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hematopoeisis

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  1. hematopoeisis

  2. Bone marow examination Normal bone marrow 1. Haemopoietic cells. Morphology of haemopoietic cells • Granulocytes & their precursors – 60% • Erythroid precursors – 20 % • Lymphocytes & Monocytes & their precursors – 10% • Unidentified or disintegrating cells – 10% 2. Myeloid : erythroid ratio – 3-4 :1

  3. Anaemia • Anaemia may be defined as a state in which the blood Hg is below the normal range fro the age & sex of the patient Normal count/Range Hemoglobin • Male – 13 –18 gm/dl • Female -11.5 – 16.5 gm/dl Red cell count – • Male - 4.5–6.5 million/cu mm of blood • Female – 3.8–4.8 • Reticulocyte count - 0.2–2.0%

  4. Factors necessary for Erythropoiesis. A] General Factors • 1] Diet-Protein is essential for synthesis of Globin in of Haemoglobin • Iron-essential for heam production • Others-Cu, Mg, Cobalt, Ca etc. • 2] Hypoxia-hypoxia causes Liberation of hormone Erythropoietin which stimulate bone marrow for Erythropoiesis • 3] Erythropoietin • 4] Endocrine gland- Adrenal Gland, Pituitary Gland, Thyroid Gland. B] Maturation factors • 1] Vit. B12 • 2] Folic Acid • 3] Intrinsic Factor of Castle-It helps in absorption of Vit. B12 from gut and thus indirectly help in maturation.

  5. Classification of Anemia Morphological & Aetiological Classification Morphological classification • Based mainly on MCV & MCHC. MCH may be included 1.Microcytic Hypochromic aneamia • MCV, MCHC & MCH are below normal • E.g. – IDA, thalassaemia, anaemia of chronic diseases

  6. 2. Macrocytic anaemia • MCV is above normal . MCHC is normal • E.g. megaloblasticanaemia 3. Normocytic Normochromic anaemia • MCV, MCHC MCH are within normal range • E.g. acute blood loss, haemolytic anemia

  7. Aetiological Classification This classification is based on pathophysiology & cause • Impaired RBC production • Hemolytic anemia • Blood Loss

  8. Impaired RBC production A. Deficiency of essential nutrients (Deficiency anaemia) • Iron deficiency – most common cause • Vitamin B12 deficiency • Folic acid deficiency • Combined deficiency Others – protein calorie malnutrition , vitamin C deficiency

  9. B. Depression of erythropoiesis • Anemia of chronic disease – Chronic renal failure . Liver diseases, Malignancy • Invasion of bone marrow – leukaemia , secondary carcinoma • Aplastic anemia

  10. B. Haemolytic anemia • Intracorpuscular defect • Extracorpuscular defect C. Blood Loss • Acute Blood loss – loss of large volume of blood over a short period • Chronic blood loss e.g hookworm infestation, bleeding peptic ulcer, piles, menorrhagia

  11. Clinical features of anemia • Tiredness , Fatigue • Lethargy • Palpitaion • Pallor is the most important physical sign

  12. Laboratory diagnosis of anemia • Hb estimation • Diagnosis of Morphological type of anaemia • Diagnosis of aetiological type of anemia – discussed under individual type of anemia

  13. Packed cell volume (PCV) • Is the volume of red cells in relation to that of whole blood PCV = MCV X red cell count Normal values • 40 – 45 % male • 37- 47 % female MCV (Mean corpuscular volumes ) • Indicates the average volume red cells • Normal 76 - 96 fl (femolitre)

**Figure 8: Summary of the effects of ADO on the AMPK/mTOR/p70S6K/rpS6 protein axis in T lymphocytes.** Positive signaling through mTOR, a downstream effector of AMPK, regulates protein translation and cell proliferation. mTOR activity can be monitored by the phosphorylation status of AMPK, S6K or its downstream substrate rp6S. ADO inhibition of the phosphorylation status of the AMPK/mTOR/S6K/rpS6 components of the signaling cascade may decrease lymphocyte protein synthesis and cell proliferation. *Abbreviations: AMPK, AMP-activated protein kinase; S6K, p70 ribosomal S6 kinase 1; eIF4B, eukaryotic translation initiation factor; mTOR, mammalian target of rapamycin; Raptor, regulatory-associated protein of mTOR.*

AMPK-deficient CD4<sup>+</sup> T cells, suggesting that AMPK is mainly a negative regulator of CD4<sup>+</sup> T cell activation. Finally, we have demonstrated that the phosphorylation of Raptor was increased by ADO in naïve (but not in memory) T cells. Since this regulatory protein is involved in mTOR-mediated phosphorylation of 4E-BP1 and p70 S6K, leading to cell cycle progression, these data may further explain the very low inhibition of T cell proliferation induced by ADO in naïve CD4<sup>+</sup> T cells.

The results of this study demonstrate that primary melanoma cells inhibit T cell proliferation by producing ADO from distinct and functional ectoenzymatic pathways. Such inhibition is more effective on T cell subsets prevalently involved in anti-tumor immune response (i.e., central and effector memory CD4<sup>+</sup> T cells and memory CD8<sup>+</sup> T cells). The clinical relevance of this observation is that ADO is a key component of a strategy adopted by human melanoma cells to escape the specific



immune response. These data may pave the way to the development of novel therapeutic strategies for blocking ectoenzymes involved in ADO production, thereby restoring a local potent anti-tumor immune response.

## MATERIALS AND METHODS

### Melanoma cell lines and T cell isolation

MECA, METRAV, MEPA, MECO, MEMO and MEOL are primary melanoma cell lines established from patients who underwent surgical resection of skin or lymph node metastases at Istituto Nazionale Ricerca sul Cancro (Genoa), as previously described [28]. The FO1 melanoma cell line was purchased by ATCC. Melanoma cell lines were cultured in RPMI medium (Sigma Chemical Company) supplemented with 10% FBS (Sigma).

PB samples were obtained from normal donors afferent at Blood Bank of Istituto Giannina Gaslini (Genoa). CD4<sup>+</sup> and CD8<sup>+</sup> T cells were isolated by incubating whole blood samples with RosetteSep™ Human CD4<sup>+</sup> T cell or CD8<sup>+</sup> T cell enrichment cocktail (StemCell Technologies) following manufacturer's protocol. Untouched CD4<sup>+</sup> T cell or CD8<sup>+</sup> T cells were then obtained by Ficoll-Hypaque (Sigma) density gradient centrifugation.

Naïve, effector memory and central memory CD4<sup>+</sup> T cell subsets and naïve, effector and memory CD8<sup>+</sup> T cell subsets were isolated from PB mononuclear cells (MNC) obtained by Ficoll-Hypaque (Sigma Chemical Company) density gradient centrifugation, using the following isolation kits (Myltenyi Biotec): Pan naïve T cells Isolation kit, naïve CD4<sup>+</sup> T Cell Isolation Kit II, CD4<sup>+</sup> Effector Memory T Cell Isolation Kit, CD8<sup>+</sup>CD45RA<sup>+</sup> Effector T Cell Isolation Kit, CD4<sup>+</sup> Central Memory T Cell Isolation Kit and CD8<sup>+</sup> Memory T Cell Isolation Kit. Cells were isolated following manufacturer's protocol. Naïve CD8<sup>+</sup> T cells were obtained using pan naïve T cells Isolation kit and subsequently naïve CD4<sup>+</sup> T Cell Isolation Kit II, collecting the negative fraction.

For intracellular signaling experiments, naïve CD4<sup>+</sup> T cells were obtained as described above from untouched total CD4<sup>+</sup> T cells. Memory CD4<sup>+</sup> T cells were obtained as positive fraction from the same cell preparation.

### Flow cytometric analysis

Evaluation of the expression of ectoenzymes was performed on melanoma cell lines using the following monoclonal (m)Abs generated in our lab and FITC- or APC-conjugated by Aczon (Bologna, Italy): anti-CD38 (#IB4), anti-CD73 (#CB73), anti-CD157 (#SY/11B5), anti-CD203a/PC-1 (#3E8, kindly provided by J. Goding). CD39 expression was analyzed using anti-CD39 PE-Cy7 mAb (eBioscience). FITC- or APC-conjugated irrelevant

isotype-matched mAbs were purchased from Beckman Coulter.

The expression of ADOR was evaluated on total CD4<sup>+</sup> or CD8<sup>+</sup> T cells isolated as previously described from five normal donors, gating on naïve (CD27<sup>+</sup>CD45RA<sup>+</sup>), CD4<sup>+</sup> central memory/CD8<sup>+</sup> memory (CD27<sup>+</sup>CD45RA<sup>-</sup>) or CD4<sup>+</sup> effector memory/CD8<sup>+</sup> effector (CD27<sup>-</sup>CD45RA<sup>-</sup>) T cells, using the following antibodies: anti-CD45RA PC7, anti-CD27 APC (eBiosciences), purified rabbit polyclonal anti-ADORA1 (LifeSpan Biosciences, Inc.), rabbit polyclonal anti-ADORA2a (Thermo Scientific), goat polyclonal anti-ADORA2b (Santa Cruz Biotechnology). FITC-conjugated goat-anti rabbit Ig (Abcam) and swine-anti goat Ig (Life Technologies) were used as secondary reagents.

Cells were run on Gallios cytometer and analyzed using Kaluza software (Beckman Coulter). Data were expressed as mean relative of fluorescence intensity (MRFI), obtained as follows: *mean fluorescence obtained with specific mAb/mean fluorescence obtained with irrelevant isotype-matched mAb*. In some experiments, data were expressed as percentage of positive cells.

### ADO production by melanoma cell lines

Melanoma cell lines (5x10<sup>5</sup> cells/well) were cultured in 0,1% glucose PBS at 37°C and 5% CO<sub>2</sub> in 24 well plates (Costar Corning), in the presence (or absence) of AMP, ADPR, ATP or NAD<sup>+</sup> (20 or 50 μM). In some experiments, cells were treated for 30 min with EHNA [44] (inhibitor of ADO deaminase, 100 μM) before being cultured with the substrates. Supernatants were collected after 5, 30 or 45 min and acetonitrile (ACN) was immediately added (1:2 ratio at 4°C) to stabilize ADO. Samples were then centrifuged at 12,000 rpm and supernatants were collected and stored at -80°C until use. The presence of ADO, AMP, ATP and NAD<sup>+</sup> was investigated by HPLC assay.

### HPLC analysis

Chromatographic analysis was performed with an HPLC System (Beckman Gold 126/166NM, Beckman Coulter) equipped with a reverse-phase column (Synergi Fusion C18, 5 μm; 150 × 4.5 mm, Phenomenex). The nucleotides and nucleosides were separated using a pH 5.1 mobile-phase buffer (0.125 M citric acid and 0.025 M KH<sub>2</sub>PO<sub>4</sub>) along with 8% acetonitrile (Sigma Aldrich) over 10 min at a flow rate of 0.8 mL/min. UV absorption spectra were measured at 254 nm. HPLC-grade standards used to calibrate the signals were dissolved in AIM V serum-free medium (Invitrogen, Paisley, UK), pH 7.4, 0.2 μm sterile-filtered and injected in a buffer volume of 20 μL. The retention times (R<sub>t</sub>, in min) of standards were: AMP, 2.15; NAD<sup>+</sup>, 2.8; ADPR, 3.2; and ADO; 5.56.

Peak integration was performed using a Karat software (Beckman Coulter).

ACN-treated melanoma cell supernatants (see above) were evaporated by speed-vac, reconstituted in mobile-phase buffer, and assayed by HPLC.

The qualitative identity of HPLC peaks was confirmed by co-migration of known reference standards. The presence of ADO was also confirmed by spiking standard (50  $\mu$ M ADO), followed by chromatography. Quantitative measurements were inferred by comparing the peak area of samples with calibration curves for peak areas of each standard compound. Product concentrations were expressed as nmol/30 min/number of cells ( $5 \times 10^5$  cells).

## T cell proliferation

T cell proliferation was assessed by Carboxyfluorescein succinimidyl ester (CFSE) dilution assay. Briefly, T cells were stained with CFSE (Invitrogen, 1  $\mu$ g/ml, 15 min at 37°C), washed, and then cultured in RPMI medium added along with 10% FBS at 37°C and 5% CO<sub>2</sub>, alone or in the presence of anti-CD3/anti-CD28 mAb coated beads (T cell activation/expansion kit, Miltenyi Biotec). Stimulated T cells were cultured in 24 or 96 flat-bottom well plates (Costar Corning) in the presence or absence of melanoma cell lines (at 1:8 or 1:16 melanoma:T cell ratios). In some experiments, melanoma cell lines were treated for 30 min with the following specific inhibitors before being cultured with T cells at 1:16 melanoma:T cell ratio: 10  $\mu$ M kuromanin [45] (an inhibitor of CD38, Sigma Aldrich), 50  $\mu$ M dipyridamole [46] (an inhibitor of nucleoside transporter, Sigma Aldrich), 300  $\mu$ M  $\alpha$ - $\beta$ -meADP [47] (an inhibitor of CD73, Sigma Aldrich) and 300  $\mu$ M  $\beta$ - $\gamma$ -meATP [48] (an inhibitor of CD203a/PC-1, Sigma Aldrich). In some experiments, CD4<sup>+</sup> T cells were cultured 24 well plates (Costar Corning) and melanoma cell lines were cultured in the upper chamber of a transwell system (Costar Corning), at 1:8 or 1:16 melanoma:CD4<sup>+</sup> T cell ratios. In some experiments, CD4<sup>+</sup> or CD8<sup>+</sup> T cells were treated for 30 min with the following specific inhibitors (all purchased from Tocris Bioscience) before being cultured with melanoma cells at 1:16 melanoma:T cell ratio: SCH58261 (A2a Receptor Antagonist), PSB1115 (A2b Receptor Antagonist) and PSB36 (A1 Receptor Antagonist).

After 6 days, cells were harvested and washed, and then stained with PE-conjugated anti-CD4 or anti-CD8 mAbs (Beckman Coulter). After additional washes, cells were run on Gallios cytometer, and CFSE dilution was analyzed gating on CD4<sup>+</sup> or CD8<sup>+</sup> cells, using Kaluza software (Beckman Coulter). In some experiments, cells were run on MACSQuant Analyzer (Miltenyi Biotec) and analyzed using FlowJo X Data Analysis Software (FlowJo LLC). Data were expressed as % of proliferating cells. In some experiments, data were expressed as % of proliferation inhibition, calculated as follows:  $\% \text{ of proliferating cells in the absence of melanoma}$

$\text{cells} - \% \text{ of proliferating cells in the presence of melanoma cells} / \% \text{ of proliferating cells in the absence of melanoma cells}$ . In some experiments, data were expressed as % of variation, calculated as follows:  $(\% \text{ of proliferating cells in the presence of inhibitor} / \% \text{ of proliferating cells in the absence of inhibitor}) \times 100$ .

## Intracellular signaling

14. MCH (mean corpuscular hemoglobin ) • Indicates average weight of Hb contained in each cell • Does not take into count cell size • Obtained by dividing Hb by red cell /liter & multiplied by 1013 If Hb 15g/dl Red cell – 5X1012/L MCH = 15X1013 / 5X1012 = 30 pg • Normal 27-32 pg

  15. MCHC (mean corpuscular haemoglobin concentration) • Indicates the average concentration of Hb within average red cells • Usually 3 times higher that the whole blood Hb conc. • Obtained by dividing Hb by PCV /liter If Hb 15g/dl PCV – 0.45l/l MCHC = 15/0.45 = 33.3g/dl • Normal – 31-35 g/dl

  16. Diagnosis of morphological type of anemia 1. Examination of peripheral blood film 2. Determination of Red cell absolute value • MCV & MCHC are below normal values – microcytic hypochromic anemia • MCV is above normal & MCHC is normal – macrocytic anemia • MCV & MCHC are normal – normocytic normochromic aneamia

  17. Iron deficiency anemia Most common type of anemia Total body iron content • Male – upto 6gm • Female – 2gm 80% of functional body iron is found in hemoglobin, rest found in myoglobin and iron-containing enzymes (e.g.catalase & cytochromes). The iron storage pool, represented by hemosiderin and ferritin-bound iron (15% to 20% of total body iron.) • Stored iron is found mainly in the liver, spleen, bone marrow, and skeletal muscle. Male Fem

  18. Absorption • Most absorbed in Duodenum

  19. Causes /pathogenesi of iron deficiency 1. Inadequate iron intake • Nutritional deficiency – deficient diet 2. Impaired absorbtion – coeliac disease, tropical sprue, gastrectomy or gastro-enterostomy

  20. Causes /pathogenesi of iron deficiency 3. Increased physiological demand • During period of growth in children • During reproductive life in female – menstruation, pregnancy, parturation & lactation increase the physiological requirement fro iron 4.Chronic blood loss – the gastrointestinal tract (e.g., peptic ulcers, colonic cancer, hemorrhoids, hookworm disease) or the female genital tract (e.g., menorrhagia, cancers)

  21. Laboratory diagnosis of IDA Investigation & findings 1. Blood Picture • Hb – Variably reduced • Blood film – hypochromic, microcytic, anisocytosis. Poikilocytosisin severe cases target, elliptical, oval & pencil cells • Haematocrit – reduced • MCV – reduced(microcytosis) MCHC – reduced (hypochromic) & MCH is reduced